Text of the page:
Jack Balkin, a professor at Yale Law School, recently posted a new article that dovetails with some of this blog’s recent posts on the current state of the American political system. The abstract:
Today, America’s political system seems remarkably dysfunctional. Many people believe that our 225-year-old Constitution is the problem. But what looks like constitutional dysfunction is actually constitutional transition, a slow and often frustrating movement from an older constitutional regime to a new one.
Americans last experienced this sense of dysfunction during the late 1970s and early 1980s – the “last days of disco.” The New Deal/Civil Rights regime had gradually fallen apart and was replaced by a new constitutional order – the conservative regime in which we have been living for the past three decades. By 1984, few people argued that the country was ungovernable, even if they didn’t like President Reagan’s policies.
In the same way, our current dysfunction marks the end of the existing constitutional regime and the beginning of a new one. This new regime may be dominated by the ascendant Democratic coalition of young people, minorities, women, city dwellers and professionals that elected Barack Obama in 2008 and 2012. Or insurgent populists associated with the Tea Party may revive the decaying Republican coalition and give it a second wind. As of yet, neither side has been able to achieve a successful transition, leading to the current sense of frustration.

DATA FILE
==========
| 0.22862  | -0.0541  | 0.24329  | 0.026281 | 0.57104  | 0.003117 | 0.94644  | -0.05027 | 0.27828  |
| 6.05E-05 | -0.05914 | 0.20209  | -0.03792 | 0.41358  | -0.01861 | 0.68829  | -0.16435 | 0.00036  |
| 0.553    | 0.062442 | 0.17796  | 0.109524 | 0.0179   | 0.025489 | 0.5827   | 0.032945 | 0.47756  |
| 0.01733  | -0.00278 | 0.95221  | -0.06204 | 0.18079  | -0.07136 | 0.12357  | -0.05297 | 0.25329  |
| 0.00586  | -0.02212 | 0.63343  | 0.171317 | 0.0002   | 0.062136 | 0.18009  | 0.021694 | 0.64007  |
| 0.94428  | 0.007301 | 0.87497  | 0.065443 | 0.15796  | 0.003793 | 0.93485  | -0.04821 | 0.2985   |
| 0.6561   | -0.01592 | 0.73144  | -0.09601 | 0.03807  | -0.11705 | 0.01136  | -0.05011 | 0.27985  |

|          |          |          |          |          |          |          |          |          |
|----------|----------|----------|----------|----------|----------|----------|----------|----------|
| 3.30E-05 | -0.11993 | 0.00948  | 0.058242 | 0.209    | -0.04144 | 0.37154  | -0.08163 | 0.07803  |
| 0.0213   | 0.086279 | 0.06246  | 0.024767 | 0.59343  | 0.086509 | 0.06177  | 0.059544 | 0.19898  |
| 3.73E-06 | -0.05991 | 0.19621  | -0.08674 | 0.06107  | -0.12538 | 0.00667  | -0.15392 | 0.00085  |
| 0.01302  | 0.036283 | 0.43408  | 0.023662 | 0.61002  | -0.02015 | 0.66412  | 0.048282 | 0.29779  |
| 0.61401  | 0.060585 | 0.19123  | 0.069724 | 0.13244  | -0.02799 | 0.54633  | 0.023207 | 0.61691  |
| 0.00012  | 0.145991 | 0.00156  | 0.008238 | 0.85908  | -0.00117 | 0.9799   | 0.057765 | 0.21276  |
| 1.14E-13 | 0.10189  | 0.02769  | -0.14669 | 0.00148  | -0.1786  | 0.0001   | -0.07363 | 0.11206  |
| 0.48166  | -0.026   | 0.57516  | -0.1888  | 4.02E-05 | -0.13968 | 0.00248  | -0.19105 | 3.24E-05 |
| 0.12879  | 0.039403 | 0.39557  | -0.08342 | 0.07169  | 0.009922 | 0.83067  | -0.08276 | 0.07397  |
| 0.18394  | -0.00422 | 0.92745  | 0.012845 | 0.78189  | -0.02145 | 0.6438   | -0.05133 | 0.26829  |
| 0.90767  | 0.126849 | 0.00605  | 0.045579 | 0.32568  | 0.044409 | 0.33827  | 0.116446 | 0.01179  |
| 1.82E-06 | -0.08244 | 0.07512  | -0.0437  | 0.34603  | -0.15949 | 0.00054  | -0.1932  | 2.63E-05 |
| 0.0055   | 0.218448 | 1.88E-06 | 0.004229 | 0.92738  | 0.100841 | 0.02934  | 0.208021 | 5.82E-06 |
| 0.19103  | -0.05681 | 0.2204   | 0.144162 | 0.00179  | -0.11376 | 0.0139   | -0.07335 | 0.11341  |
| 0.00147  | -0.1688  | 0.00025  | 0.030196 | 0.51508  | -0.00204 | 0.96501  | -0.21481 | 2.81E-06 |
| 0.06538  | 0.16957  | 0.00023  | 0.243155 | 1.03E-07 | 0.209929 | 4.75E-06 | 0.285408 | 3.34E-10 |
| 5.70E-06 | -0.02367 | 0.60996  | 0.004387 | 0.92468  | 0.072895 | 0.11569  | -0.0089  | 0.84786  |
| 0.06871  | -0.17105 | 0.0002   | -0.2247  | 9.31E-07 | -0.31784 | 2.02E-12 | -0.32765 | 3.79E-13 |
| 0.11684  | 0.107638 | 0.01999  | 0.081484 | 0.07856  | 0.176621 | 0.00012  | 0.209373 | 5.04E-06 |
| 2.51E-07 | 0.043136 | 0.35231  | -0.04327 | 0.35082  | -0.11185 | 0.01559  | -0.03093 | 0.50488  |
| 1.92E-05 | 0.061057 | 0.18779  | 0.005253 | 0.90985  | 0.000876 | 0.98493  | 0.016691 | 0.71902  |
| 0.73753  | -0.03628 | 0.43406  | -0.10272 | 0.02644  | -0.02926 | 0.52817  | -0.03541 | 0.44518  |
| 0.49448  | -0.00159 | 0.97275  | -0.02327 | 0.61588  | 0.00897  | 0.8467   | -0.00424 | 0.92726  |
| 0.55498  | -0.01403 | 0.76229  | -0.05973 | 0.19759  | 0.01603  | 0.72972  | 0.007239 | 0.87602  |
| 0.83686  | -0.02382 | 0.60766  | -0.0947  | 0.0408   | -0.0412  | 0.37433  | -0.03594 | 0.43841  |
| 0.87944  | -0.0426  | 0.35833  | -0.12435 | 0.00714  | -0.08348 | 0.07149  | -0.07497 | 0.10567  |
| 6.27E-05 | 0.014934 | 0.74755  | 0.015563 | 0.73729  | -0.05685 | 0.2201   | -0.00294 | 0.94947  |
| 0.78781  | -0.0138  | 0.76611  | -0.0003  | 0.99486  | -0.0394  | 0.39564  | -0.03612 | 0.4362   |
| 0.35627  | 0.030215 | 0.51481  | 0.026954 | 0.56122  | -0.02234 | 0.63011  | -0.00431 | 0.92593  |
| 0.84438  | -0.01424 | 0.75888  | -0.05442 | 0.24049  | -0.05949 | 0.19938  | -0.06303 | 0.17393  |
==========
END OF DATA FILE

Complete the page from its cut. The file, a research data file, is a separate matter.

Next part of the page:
There’s an interesting asymmetry between the two possible political futures that Balkin highlights. One is defined by demographics (Obama’s coalition), the other by ideology (Tea Party-style populism). This fits with my sense, articulated in previous posts, that Obama has failed to articulate an ideology that could displace the “small government” vision of the Reagan era. Obama is not a transformative president in that sense. He has a newly coalescing electoral coalition, but no vision of government to coalesce around—other than opposition to the Reagan era vision. And nothing new has come from the right to displace the Reagan era vision either: the Tea Party continues to rally around the idea of small government as the source of freedom.
All of this is why I would like to see the American left move beyond the Reagan era and come up with a new vision of government backed by concrete projects—whether like this one, and backed by projects like this, or based on some other set of guiding principles. The demographic soil for a new era in American politics has been tilled, but no one seems to have ideological seeds on hand.
The rest of Balkin’s abstract after the jump…